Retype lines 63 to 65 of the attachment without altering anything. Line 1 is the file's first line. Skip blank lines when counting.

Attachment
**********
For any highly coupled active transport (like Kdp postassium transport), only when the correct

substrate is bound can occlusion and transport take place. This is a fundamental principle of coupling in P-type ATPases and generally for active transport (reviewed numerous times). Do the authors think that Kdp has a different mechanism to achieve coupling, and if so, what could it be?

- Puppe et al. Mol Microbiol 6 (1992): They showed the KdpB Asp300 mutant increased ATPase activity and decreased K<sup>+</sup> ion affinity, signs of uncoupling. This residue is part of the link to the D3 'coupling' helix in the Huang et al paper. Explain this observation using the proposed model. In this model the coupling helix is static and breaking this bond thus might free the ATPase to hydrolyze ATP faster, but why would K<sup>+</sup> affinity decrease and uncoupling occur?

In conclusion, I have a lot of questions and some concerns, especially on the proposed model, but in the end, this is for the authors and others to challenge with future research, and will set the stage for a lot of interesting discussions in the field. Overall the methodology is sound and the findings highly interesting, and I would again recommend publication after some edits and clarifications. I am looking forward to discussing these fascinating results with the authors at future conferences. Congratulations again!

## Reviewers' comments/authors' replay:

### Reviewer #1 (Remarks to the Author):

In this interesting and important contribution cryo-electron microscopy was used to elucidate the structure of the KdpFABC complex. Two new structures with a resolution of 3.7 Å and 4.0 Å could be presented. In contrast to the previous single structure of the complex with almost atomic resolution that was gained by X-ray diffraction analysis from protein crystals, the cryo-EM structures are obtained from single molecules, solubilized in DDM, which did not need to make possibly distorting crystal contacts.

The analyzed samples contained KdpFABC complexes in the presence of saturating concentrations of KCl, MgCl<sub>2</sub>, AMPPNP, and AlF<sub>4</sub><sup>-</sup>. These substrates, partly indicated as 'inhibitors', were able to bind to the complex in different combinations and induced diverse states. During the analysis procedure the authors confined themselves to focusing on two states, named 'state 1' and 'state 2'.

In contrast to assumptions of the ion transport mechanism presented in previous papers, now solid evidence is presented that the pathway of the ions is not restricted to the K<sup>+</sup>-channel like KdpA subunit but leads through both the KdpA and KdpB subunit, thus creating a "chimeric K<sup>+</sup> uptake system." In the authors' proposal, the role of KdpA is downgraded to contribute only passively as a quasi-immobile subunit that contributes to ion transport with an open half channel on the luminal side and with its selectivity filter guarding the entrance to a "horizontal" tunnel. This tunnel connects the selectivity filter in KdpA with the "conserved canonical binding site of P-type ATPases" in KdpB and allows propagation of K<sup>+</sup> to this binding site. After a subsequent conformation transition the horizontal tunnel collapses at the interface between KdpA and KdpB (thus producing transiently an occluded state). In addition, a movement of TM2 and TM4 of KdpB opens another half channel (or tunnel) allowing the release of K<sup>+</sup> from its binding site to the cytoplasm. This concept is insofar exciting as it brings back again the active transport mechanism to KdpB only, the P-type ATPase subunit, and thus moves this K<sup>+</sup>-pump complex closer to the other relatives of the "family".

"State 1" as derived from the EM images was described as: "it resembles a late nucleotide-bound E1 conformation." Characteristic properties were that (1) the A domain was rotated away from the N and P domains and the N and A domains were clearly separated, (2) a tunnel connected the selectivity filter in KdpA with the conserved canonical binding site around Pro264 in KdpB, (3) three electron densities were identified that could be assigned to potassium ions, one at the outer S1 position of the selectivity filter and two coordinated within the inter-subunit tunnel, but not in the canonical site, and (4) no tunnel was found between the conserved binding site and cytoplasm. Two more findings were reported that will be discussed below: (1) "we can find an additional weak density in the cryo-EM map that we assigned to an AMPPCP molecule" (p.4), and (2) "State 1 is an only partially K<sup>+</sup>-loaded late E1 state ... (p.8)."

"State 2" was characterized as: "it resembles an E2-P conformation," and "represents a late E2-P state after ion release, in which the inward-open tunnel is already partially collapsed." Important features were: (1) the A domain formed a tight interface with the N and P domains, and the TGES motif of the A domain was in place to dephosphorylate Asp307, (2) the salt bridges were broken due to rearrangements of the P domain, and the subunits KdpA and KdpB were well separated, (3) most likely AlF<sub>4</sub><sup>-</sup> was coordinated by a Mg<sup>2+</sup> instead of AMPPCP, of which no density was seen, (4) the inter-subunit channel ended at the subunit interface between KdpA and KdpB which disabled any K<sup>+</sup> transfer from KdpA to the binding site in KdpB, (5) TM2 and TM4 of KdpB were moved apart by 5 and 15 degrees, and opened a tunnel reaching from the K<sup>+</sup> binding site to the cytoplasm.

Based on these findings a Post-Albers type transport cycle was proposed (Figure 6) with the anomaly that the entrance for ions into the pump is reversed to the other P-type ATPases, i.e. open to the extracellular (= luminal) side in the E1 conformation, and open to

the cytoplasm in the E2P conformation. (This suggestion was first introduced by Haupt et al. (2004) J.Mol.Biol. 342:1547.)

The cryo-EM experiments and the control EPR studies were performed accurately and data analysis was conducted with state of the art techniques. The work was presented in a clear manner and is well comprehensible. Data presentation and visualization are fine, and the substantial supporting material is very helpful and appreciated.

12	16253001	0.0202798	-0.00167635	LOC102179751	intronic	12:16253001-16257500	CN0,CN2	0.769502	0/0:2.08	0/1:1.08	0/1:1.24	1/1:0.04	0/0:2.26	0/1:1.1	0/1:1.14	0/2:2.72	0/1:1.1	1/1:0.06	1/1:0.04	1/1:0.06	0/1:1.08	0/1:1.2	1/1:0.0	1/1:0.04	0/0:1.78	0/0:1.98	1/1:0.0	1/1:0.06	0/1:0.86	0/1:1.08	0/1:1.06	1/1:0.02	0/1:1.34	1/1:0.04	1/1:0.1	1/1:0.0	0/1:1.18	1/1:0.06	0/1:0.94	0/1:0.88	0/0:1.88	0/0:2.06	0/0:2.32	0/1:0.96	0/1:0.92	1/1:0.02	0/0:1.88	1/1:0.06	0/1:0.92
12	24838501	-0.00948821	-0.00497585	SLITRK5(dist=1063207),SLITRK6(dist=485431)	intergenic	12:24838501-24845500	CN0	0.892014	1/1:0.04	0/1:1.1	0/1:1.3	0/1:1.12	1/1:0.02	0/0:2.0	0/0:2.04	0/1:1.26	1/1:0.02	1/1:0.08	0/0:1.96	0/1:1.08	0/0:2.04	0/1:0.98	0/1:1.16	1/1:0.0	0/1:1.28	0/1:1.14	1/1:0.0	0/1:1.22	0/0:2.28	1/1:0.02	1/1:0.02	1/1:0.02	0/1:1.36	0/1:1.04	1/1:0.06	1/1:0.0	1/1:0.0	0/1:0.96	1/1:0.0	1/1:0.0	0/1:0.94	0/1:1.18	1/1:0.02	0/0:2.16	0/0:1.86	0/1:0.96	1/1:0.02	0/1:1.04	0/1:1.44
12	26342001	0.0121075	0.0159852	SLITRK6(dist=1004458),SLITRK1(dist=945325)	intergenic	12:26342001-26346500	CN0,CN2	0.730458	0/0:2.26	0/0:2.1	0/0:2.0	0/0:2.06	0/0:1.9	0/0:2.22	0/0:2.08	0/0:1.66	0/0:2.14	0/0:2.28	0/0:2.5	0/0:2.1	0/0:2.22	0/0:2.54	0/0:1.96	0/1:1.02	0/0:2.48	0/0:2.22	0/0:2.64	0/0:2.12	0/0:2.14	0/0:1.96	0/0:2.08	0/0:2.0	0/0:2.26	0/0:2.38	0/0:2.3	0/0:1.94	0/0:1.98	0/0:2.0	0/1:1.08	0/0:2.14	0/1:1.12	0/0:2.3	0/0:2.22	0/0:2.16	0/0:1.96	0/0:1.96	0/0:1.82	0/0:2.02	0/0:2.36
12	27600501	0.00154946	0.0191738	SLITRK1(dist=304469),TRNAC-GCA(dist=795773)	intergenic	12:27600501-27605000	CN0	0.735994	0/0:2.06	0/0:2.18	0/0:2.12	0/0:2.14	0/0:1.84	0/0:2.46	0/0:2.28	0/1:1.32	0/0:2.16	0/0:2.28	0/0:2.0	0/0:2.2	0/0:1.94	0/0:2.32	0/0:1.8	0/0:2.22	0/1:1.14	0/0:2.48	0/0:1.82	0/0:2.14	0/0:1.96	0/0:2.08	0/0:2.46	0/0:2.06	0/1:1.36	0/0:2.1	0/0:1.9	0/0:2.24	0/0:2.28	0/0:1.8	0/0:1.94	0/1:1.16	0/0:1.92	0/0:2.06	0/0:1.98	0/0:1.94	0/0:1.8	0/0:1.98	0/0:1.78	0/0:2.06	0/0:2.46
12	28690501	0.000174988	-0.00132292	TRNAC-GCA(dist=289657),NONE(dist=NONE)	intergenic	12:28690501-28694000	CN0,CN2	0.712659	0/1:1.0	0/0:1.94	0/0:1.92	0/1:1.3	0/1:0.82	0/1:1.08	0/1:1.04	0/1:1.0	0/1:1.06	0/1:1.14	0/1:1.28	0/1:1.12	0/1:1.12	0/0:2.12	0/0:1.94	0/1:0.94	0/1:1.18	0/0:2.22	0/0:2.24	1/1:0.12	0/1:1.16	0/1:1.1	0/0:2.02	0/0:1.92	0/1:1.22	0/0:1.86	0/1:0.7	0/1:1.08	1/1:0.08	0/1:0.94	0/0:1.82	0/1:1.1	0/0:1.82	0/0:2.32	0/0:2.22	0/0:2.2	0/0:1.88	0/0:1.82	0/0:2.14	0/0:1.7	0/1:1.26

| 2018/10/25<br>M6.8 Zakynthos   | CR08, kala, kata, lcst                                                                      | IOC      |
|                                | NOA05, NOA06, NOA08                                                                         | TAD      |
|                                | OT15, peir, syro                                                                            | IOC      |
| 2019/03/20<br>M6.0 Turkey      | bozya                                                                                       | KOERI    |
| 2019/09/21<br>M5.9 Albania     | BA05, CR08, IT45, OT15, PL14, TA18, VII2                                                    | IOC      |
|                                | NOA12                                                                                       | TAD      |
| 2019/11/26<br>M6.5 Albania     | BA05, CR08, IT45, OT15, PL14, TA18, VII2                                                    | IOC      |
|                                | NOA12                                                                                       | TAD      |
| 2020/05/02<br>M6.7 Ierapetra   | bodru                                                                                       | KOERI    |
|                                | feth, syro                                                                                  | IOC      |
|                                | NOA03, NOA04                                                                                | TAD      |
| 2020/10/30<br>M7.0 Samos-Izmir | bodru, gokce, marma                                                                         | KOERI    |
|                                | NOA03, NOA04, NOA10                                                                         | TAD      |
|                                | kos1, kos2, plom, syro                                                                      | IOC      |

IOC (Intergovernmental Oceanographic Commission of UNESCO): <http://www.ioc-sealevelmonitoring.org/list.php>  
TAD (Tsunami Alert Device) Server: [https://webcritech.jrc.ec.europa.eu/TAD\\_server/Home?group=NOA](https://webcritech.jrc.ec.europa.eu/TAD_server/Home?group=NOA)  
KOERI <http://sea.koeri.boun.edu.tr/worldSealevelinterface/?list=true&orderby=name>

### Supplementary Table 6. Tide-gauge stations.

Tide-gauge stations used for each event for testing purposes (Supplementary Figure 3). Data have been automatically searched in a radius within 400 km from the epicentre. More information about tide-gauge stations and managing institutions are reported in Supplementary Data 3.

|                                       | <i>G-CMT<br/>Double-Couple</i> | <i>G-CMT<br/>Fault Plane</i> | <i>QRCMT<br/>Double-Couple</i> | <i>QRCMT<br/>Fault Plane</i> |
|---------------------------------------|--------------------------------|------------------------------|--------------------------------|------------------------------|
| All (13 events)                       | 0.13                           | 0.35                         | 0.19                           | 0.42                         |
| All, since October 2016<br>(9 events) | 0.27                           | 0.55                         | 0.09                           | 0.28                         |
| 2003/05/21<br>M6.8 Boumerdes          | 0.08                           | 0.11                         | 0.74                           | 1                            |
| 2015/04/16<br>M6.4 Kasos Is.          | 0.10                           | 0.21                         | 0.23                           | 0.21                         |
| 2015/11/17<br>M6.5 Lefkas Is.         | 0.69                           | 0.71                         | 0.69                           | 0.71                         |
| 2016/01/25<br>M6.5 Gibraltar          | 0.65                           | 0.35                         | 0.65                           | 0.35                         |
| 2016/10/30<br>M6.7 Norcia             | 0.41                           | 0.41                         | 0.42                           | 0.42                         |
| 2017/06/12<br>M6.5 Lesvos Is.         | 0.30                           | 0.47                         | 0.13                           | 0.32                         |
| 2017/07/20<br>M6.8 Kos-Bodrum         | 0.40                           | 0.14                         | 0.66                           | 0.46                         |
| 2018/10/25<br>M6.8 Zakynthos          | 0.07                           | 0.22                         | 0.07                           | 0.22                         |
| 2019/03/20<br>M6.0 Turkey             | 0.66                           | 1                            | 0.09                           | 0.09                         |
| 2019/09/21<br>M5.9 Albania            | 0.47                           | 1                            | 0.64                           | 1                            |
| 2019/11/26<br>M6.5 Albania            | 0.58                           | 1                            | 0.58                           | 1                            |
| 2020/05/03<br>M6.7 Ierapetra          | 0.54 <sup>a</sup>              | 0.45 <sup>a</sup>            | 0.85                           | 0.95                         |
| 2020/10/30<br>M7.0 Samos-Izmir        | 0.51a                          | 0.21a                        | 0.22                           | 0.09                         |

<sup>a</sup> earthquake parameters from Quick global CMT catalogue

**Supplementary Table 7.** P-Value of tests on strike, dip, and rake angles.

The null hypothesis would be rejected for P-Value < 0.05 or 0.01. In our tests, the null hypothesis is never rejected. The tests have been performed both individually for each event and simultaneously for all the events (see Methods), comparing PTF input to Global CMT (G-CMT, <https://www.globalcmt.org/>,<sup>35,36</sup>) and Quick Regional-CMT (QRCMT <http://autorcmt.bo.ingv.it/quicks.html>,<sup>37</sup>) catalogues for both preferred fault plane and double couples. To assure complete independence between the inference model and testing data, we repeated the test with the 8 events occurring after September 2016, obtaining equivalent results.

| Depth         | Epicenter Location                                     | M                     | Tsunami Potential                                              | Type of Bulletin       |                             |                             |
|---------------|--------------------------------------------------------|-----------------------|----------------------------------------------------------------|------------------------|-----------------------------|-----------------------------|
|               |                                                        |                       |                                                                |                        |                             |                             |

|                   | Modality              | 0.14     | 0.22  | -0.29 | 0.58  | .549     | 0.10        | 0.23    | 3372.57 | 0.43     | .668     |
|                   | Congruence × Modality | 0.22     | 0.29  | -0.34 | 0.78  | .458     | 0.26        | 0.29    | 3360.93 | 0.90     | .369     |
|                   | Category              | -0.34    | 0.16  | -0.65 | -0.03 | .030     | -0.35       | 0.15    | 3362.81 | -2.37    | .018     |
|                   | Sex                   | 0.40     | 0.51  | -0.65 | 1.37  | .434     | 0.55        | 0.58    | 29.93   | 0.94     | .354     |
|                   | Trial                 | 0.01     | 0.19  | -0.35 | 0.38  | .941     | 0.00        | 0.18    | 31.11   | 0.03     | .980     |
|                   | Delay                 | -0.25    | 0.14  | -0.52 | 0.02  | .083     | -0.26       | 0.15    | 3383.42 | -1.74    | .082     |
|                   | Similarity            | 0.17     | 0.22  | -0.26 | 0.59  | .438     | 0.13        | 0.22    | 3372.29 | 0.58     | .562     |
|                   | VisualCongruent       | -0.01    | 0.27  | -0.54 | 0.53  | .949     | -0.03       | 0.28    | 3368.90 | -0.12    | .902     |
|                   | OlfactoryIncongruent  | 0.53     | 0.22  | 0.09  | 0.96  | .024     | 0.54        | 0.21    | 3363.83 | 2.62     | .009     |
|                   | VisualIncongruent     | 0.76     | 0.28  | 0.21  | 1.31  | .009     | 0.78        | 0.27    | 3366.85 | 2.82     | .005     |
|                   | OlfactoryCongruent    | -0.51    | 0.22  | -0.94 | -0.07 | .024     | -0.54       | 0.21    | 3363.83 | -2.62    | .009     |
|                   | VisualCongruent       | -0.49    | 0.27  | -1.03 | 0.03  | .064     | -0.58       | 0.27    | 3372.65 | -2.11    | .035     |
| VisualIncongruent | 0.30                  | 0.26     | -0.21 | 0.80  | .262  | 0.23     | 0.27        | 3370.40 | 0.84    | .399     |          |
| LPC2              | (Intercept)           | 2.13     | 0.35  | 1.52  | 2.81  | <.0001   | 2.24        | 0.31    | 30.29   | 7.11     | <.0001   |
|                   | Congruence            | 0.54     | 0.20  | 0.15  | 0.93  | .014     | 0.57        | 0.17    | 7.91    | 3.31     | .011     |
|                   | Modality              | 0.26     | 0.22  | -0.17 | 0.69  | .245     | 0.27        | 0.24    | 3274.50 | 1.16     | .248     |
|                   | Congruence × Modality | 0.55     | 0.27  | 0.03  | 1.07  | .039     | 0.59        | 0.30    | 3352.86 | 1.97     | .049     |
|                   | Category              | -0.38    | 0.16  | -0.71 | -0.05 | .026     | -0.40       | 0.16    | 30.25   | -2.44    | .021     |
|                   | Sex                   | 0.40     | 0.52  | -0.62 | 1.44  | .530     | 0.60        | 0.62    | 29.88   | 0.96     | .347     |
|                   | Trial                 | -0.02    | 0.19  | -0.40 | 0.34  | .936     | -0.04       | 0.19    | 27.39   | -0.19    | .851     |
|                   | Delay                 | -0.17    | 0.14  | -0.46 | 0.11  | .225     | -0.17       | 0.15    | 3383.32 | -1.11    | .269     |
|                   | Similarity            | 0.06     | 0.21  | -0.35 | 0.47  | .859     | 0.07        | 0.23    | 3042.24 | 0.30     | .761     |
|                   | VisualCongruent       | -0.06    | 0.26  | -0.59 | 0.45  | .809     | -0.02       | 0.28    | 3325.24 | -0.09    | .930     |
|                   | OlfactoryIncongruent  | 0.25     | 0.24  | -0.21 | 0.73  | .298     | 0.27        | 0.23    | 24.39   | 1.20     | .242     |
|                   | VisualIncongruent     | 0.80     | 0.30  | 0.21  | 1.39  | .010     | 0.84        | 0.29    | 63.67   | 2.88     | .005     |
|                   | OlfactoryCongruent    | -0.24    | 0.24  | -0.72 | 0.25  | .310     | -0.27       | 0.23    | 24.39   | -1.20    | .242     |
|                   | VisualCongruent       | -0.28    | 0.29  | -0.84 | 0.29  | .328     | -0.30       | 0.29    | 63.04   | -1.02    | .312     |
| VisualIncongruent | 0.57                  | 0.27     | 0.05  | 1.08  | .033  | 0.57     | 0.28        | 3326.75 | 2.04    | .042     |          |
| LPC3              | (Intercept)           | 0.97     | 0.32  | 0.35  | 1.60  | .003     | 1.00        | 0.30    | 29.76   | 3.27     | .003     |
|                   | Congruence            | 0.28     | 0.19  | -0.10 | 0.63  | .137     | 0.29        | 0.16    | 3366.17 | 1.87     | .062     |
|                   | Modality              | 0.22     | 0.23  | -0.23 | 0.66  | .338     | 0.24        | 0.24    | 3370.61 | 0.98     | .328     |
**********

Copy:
|                   | Congruence × Modality | 0.22     | 0.29  | -0.34 | 0.78  | .458     | 0.26        | 0.29    | 3360.93 | 0.90     | .369     |
|                   | Category              | -0.34    | 0.16  | -0.65 | -0.03 | .030     | -0.35       | 0.15    | 3362.81 | -2.37    | .018     |
|                   | Sex                   | 0.40     | 0.51  | -0.65 | 1.37  | .434     | 0.55        | 0.58    | 29.93   | 0.94     | .354     |